The objective of this study was to evaluate the role of β-adrenergic receptors in modulating associative long-term potentiation (LTP) induced at CA1 synapses. Two independent Schaffer collateral pathways were stimulated in hippocampal slices. The field EPSP (fEPSP) response evoked in one pathway (the weak pathway) was small, whereas a large response, usually 80–90% of the maximum, was evoked in the strong pathway. After recording of the baseline fEPSP evoked at 0.033 Hz, LTP of the weak pathway could be associatively induced by paired stimulation of the weak and strong pathways 100 times at 6 sec intervals, with stimulation of the weak pathway preceded 3–10 msec. However, pairing protocols with an interval between stimulation of the two pathways >10 msec resulted in no LTP. The induced LTP was NMDA receptor dependent, because 50 μm d,l-APV blocked its induction. Bath application of 1 μm isoproterenol enhanced LTP by increasing the window of the stimulation interval up to 15 msec but did not affect the magnitude of the LTP induced by pairing protocols with intervals <10 msec. Similar results were obtained when the experiments were repeated using whole-cell recording. These results suggest that activation of β-adrenergic receptors can enhance associative LTP by increasing the width of the time window rather than the magnitude of the LTP. Enhancement of LTP by β-adrenergic receptors was blocked in slices by pretreatment with inhibitors of protein kinase A or mitogen-activated protein kinase, suggesting that these signaling cascades are involved in this process.
- associative LTD
- associative LTP
- β-adrenergic receptors
- synaptic plasticity
Long-term potentiation (LTP) is a use-dependent change in synaptic efficacy that has long been considered as the cellular mechanism underlying memory storage in the brain (Bliss and Collingridge, 1993; Malenka and Nicoll, 1999). LTP can be induced using two distinct stimulation paradigms. Homosynaptic LTP can be induced using brief high-frequency stimulation (Bliss and Lomo, 1973), whereas associative LTP can be induced by simultaneously pairing presynaptic stimulation at low frequency with postsynaptic activity, including depolarization of the postsynaptic membrane (Gustafsson et al., 1987), the backpropagating action potential of postsynaptic neurons (Magee and Johnston, 1997; Markram et al., 1997; Bi and Poo, 1998; Feldman, 2000), and activity produced by other synaptic inputs (Levy and Steward, 1983; Kanter and Haberly, 1993). Associatively induced synaptic plasticity is of particular interest, because it is consistent with the simple learning rule originally suggested by Hebb (1949) that synaptic strength increases when there is conjunctive presynaptic and postsynaptic activity. Furthermore, it is also consistent with the concept that the precise timing between presynaptic and postsynaptic activities may be used to encode information in neural networks (Hopfield, 1995; Rieke et al., 1997).
At hippocampal CA1 synapses, induction of both homosynaptic and associative LTPs requires activation of the NMDA subtype glutamate receptor, which, in turn, activates many downstream molecules required for LTP induction (for review, see Roberson et al., 1996). Although LTP induction is dependent on the activation of NMDA receptors, several modulating transmitters, such as adrenergic, cholinergic, and dopaminergic transmitters, in the CNS can modulate its induction. This may be attributable to the fact that signaling cascades activated by modulating transmitter systems often regulate the activity and function of downstream molecules after NMDA receptor activation during LTP induction. For example, it has been reported that the homosynaptic LTP induced at CA1 synapses can be enhanced by stimulation of β-adrenergic receptors (Katsuki et al., 1997; Winder et al., 1999; Yang et al., 2002a), muscarinic receptors (Blitzer et al., 1990; Huerta and Lisman, 1993), and D1/D5 receptors (Otmakhova and Lisman, 1996). However, the effect of these modulating systems on the associative LTP has received less attention. The goal of the present study was to address this issue.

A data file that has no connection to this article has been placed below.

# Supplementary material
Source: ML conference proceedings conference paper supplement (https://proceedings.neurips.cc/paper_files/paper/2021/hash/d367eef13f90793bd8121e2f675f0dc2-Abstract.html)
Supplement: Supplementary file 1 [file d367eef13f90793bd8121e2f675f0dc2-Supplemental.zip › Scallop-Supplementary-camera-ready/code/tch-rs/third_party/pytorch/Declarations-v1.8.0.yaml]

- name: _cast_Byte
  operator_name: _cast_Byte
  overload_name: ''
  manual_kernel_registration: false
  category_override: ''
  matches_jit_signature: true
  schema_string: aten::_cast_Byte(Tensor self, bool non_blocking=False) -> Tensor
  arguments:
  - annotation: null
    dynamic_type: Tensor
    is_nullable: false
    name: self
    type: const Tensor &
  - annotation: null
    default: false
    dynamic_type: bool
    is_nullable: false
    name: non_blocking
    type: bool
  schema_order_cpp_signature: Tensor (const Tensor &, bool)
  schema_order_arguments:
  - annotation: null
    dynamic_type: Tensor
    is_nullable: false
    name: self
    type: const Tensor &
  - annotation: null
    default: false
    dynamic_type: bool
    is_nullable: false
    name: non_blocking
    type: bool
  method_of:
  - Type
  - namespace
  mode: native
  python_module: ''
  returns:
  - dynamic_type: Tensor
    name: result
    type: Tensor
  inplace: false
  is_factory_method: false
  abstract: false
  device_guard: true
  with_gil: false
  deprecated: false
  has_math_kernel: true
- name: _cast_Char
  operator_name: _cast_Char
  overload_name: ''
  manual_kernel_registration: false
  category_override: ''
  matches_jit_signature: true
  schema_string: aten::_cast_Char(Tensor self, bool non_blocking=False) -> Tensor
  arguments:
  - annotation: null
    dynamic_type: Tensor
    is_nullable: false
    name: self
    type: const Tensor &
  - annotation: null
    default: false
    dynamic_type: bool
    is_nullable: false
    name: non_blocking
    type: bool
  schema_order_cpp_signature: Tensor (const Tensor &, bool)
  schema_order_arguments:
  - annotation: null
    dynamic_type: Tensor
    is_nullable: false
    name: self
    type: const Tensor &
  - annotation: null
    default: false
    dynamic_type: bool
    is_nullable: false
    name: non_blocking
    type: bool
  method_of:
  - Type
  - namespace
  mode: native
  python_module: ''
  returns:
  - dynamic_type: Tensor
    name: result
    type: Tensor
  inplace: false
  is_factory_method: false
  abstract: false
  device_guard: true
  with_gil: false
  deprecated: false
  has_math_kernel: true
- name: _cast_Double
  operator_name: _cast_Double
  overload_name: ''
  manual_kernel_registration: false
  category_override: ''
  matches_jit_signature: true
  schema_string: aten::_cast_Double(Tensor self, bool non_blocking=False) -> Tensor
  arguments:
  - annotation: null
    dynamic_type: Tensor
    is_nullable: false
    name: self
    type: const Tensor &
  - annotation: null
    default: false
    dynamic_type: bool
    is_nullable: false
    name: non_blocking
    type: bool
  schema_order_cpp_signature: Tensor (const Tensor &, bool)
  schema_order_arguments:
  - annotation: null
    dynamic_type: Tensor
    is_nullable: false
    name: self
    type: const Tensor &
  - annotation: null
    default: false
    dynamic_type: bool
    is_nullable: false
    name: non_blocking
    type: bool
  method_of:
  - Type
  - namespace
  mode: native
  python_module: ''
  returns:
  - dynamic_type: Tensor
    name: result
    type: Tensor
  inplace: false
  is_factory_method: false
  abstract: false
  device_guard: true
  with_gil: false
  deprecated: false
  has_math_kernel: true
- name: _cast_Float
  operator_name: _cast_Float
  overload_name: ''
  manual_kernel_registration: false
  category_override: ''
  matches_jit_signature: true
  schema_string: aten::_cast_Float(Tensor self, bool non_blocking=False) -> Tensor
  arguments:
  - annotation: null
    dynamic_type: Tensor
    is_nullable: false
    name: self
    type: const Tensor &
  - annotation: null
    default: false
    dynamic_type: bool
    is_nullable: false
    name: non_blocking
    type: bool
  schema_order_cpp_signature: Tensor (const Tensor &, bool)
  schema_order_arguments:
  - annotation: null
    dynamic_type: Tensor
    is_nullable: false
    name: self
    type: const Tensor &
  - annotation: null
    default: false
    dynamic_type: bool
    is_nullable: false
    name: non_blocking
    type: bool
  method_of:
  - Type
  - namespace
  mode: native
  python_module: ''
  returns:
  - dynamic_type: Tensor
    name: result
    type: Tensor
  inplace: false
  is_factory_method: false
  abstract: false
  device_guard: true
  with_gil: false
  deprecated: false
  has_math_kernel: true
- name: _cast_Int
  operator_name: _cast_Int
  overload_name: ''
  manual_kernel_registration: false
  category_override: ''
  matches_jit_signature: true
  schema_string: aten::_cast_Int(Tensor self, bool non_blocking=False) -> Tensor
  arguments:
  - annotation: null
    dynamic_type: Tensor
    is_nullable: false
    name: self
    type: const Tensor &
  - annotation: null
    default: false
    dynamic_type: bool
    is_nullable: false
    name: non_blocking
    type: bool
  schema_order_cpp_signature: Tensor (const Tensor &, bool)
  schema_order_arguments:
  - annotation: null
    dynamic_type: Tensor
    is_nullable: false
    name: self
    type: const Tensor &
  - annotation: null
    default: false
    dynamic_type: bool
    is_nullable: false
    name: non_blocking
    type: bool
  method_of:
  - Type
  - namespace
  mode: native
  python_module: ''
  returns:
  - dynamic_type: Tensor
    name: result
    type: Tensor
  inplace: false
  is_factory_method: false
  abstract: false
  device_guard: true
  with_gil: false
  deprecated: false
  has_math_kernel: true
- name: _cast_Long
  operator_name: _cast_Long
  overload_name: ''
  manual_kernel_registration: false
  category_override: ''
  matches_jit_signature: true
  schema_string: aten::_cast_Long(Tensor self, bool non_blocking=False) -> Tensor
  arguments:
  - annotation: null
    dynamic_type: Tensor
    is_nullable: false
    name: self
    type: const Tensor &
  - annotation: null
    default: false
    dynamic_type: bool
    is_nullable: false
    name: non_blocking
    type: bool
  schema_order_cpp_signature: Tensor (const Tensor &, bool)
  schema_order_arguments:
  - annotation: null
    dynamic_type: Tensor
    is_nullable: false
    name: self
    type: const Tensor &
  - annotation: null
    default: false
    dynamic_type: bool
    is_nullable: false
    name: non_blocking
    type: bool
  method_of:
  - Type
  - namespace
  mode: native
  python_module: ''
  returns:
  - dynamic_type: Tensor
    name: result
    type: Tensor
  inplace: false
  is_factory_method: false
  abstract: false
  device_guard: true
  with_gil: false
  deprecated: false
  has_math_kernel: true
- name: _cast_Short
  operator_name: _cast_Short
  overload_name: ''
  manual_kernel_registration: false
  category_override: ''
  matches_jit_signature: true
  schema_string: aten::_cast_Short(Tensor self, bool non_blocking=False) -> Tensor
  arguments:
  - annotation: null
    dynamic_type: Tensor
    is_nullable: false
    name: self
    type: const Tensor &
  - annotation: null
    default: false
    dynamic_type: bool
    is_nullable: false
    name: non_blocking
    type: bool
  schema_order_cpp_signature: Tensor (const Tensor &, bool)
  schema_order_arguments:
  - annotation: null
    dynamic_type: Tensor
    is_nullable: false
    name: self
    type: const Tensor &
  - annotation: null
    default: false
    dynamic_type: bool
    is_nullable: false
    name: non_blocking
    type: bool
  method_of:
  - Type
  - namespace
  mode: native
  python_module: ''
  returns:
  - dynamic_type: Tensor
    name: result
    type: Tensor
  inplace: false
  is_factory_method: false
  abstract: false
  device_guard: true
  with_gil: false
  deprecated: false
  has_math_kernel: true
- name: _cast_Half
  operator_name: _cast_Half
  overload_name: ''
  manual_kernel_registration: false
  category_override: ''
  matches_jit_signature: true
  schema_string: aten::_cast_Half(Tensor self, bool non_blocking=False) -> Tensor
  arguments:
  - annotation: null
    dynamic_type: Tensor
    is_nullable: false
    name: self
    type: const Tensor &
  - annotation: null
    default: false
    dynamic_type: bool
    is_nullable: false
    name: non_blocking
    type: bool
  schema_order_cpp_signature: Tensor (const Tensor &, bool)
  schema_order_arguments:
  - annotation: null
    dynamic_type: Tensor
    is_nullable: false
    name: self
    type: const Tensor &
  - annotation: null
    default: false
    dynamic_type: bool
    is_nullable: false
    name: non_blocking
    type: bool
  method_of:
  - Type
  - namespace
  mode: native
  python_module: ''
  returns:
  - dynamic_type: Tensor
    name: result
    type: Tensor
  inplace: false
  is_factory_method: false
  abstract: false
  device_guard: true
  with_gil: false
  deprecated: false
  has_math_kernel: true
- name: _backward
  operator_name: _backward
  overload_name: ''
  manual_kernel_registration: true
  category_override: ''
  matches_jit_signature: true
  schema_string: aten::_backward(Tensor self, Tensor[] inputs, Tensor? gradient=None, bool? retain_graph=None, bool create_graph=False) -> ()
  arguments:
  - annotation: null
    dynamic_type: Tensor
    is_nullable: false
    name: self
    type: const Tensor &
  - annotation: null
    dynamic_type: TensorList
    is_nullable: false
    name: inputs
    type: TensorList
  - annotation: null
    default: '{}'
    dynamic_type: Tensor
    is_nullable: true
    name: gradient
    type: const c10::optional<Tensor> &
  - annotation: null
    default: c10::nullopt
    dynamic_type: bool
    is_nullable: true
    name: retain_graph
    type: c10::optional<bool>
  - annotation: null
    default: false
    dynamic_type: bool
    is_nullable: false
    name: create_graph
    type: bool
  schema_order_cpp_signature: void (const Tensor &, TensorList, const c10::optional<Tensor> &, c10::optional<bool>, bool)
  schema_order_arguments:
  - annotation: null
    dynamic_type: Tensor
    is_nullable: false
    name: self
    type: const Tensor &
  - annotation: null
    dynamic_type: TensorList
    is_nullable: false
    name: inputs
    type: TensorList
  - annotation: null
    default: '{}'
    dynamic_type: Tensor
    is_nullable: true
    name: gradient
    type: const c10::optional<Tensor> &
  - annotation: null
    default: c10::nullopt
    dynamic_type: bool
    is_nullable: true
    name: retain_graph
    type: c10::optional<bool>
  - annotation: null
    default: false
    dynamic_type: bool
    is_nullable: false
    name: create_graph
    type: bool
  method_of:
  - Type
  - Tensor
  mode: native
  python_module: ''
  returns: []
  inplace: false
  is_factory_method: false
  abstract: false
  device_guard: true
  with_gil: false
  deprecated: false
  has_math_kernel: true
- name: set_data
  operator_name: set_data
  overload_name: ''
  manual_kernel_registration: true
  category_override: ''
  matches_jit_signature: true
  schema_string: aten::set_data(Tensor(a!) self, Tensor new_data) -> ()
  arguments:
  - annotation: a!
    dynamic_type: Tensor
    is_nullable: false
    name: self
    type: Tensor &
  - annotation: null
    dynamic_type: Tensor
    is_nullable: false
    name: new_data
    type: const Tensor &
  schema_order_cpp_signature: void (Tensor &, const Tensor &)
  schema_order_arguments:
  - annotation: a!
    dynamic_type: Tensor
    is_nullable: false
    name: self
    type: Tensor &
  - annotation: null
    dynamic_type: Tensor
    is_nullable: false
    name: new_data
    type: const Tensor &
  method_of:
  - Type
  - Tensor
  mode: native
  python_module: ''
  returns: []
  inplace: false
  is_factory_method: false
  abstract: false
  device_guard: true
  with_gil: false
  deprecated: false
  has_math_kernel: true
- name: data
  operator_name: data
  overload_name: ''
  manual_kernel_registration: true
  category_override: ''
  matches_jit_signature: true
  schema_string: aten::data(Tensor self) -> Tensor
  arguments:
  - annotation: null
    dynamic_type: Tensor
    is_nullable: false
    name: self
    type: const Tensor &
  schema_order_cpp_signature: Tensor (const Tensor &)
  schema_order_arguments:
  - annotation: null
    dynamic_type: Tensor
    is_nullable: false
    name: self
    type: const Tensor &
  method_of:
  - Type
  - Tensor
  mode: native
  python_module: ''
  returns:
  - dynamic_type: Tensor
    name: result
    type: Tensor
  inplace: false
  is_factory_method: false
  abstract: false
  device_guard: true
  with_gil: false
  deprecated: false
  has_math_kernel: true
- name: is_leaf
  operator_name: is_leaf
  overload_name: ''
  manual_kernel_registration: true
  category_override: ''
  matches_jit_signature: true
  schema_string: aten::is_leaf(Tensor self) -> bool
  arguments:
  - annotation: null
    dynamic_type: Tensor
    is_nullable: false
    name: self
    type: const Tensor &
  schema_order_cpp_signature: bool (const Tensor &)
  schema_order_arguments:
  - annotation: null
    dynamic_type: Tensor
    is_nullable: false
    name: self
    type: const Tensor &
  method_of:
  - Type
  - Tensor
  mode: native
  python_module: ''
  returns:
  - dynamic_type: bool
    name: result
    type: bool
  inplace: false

Parts of this paper have been published previously in abstract form (Yang et al., 2002b).
Materials and Methods
The use of animals in this study was in accordance with the guidelines of the local ethical committee for animal research. Male Sprague Dawley rats aged 25–35 d were anesthetized with halothane and decapitated. The brains were quickly removed and placed in ice-cold artificial CSF (ACSF) containing the following (mm): 119 NaCl, 2.5 KCl, 26.2 NaHCO3, 1 NaH2PO4, 1.3 MgSO4, 2.5 CaCl2, and 11 glucose (the pH was adjusted to 7.4 by gassing with 5% CO2–95% O2). Transverse hippocampal slices (450 μm thick) were cut with a vibrating tissue slicer (Campden Instruments, Loughborough, UK) and transferred to an interfacetype holding chamber at room temperature (27°C). The slices were allowed to recover for at least 90 min and then were transferred to an immersion-type recording chamber, perfused at 2 ml/min with ACSF containing 0.1 mm picrotoxin at 30–31°C. To prevent epileptiform discharge of pyramidal neurons, a cut was made at the border between the CA1 and CA3 areas.